Many algorithms, especially PoS but ultimately PoW as well due to difficulty adjustment, rely on messages to be broadcasted at particular times, and so the protocols tend to enforce a rule that if a message, implicitly or explicitly, specifies some timestamp T, then another node will not process that message until the node’s local clock reaches T, or possibly T+k for some k (~2 hours in the case of bitcoin). Question: is the rule that, if a node receives a message with intended time T, at local clock time T’ < T, it should ignore the message until its own local clock time reaches T, a game-theoretic equilibrium?
Clearly, at the extreme where clock time disparity and network disparity are zero, it is, because the time a message was sent is common knowledge and so it can be thought of as a tag attached to the message itself. But what if there are perturbations in both cases? Clearly, if one node perceives that its clock is earlier than that of every other node, it will likely have the incentive to adjust its clock forward to match everyone else’s, and if a node perceives that its click is later than that of everyone else, it will similarly want to adjust backward. Such a clock homogenizing force seems by itself benign.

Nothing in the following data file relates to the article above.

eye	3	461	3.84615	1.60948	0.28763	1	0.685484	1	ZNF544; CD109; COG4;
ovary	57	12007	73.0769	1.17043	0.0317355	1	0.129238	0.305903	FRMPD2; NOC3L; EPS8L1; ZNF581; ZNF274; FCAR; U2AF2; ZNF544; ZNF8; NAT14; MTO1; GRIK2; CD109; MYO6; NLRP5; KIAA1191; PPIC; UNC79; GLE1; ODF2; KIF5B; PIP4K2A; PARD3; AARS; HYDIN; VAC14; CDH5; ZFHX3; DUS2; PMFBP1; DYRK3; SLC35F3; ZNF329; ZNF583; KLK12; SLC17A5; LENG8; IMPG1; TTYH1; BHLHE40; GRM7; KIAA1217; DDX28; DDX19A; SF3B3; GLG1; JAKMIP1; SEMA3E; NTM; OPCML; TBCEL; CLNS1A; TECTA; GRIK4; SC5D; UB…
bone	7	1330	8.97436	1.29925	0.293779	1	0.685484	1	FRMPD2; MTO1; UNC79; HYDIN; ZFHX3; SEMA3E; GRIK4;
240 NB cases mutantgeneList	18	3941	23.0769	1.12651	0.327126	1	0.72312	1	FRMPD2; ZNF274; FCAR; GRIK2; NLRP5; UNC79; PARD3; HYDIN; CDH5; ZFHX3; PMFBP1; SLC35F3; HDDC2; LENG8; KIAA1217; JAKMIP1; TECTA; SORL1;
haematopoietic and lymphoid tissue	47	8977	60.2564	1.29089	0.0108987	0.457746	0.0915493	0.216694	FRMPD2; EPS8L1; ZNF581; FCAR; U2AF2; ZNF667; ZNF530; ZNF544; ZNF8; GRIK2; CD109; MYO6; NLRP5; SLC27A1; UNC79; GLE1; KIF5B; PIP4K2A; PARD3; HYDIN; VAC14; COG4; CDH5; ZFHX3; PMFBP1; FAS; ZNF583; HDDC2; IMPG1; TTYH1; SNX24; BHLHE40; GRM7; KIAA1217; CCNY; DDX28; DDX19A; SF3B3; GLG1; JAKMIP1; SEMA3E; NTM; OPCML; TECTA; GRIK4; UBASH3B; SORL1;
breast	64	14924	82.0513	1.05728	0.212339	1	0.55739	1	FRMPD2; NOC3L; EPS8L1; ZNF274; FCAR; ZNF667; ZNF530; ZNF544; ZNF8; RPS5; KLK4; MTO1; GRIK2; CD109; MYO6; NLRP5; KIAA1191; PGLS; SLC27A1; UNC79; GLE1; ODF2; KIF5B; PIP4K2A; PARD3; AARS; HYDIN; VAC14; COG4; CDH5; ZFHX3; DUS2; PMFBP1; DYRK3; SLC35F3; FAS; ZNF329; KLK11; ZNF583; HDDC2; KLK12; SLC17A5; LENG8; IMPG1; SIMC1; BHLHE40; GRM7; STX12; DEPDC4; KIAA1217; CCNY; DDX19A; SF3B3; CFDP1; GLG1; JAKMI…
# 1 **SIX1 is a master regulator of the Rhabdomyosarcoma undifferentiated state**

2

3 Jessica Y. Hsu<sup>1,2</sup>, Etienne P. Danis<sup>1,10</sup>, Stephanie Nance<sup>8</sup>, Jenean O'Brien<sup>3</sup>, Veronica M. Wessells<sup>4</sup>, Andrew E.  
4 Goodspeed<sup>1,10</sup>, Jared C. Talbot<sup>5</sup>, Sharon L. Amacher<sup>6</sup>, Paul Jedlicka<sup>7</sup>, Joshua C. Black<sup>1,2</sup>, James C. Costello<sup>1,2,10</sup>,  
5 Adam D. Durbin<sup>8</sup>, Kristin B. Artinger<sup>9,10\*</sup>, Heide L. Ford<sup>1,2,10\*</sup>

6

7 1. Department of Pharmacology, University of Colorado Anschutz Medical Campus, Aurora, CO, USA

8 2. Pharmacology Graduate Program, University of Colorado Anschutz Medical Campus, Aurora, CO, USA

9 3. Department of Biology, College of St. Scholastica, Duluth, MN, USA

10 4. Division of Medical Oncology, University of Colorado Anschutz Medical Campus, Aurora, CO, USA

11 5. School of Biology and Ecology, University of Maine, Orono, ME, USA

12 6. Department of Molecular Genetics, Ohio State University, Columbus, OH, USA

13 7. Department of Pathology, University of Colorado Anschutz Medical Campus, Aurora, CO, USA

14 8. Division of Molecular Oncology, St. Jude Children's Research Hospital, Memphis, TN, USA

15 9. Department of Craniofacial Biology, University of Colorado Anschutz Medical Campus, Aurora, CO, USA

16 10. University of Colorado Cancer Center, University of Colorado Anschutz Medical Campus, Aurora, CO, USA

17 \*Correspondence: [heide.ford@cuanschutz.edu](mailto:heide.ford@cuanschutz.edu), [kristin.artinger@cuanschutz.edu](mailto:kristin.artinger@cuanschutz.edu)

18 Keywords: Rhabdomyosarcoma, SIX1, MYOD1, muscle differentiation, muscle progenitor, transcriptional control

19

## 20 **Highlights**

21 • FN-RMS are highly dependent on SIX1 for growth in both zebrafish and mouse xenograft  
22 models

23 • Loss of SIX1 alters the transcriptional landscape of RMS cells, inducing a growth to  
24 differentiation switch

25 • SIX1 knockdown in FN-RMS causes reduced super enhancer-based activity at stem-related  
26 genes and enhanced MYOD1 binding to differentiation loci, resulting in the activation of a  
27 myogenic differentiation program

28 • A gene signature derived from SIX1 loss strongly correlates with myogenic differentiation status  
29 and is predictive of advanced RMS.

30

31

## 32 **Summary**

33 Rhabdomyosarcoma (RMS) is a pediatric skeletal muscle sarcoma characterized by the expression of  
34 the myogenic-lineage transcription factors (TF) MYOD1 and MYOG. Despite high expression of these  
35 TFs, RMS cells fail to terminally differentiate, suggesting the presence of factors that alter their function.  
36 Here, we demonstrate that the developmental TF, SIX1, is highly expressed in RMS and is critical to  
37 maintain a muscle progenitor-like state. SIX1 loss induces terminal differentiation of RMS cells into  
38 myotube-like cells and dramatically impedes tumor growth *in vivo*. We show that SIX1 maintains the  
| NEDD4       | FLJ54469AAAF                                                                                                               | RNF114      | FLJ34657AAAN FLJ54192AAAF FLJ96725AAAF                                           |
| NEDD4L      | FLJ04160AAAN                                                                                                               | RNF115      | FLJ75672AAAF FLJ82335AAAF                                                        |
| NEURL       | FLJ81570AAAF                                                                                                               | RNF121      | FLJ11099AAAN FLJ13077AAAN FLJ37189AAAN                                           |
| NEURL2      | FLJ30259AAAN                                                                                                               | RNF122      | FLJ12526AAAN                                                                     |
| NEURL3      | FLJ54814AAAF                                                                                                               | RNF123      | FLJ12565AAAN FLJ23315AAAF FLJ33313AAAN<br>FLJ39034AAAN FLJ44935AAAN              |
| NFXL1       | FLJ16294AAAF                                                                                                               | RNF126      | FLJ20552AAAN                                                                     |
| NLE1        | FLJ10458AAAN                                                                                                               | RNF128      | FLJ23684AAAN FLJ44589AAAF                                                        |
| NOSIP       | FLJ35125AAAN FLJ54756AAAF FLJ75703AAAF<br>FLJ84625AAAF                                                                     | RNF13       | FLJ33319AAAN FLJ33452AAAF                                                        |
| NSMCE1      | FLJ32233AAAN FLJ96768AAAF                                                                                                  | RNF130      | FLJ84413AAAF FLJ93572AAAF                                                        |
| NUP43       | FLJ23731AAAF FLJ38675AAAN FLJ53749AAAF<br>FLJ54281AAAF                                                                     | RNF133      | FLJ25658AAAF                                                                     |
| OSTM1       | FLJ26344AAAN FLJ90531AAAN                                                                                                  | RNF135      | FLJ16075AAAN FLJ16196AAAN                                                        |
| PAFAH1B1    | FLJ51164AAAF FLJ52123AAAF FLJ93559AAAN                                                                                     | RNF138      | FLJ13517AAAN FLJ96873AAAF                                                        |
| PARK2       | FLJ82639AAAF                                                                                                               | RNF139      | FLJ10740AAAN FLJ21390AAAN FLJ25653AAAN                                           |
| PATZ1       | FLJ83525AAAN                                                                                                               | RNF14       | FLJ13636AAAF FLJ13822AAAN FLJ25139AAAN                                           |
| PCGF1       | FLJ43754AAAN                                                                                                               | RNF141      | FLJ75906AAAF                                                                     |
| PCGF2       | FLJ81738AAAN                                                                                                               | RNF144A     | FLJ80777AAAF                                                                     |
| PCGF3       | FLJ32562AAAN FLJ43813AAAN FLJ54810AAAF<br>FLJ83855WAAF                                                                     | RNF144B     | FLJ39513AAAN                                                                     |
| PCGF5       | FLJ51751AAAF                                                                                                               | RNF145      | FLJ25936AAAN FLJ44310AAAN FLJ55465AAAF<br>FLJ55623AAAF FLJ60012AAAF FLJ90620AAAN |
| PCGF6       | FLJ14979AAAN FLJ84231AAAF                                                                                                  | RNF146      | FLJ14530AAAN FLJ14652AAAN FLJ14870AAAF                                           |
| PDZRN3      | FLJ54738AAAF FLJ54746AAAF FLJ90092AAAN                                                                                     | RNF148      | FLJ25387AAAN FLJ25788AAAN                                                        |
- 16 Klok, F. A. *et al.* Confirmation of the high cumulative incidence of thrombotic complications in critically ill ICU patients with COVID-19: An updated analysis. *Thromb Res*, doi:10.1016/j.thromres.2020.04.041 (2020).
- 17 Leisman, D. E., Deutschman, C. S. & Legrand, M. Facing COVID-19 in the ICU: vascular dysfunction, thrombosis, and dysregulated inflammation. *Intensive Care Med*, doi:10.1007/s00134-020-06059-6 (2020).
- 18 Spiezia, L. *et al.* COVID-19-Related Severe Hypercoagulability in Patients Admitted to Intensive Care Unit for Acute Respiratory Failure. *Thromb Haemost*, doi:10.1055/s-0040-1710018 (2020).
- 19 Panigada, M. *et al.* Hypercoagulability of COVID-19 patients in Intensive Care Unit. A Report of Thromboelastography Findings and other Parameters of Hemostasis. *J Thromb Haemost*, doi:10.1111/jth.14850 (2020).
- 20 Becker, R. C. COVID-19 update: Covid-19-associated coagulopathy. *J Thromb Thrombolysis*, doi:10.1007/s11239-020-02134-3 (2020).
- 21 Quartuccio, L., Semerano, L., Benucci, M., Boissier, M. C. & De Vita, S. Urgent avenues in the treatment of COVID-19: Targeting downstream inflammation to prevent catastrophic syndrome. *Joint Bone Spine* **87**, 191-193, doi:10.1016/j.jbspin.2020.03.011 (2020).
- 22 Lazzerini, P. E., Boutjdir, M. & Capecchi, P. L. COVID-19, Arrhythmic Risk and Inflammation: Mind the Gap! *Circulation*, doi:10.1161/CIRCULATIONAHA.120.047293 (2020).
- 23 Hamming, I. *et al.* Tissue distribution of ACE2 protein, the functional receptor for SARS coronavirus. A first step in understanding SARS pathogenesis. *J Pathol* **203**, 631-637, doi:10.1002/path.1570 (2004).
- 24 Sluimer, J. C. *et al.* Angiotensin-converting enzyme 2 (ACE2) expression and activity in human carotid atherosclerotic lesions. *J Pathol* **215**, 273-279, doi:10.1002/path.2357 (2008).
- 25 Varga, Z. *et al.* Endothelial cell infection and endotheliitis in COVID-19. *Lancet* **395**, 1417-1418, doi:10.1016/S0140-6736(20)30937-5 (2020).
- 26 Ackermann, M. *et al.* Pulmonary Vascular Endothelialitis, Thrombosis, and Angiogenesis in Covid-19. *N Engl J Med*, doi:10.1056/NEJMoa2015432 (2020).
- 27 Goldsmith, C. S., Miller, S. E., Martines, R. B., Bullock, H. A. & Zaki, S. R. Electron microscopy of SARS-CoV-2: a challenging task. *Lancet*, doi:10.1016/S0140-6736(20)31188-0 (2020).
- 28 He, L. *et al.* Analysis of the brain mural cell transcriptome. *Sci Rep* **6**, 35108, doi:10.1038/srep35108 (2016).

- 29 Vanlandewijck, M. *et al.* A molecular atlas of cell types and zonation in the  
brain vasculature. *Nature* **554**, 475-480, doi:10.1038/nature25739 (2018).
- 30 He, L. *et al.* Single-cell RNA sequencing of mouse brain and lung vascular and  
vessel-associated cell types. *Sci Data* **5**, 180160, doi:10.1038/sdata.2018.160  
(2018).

But are there possibly less benign incentive effects that could show themselves? For example, what if it’s the case that, in some particular chain-based PoS algo, a node has an incentive to accept and process blocks ~100 milliseconds before it’s supposed to accept and process them, because of some asymmetry in waiting too early versus waiting too late, and every node has this incentive? Then, every node will start accepting blocks 100 milliseconds earlier, and at that point a node will start having the incentive to accept and process blocks 200 milliseconds before the intended time, and so on and so forth. And once everyone’s used to adjusting 100 milliseconds per day, some nodes will start anticipating everyone else’s changes and will start adjusting 200 milliseconds per day. Could small perturbations like this over time cause the equilibrium to eventually unravel and lead to no timestamp enforcement whatsoever?
This seems like the sort of thing that there has not yet been sufficiently formally modeled or researched, and could benefit from more such research.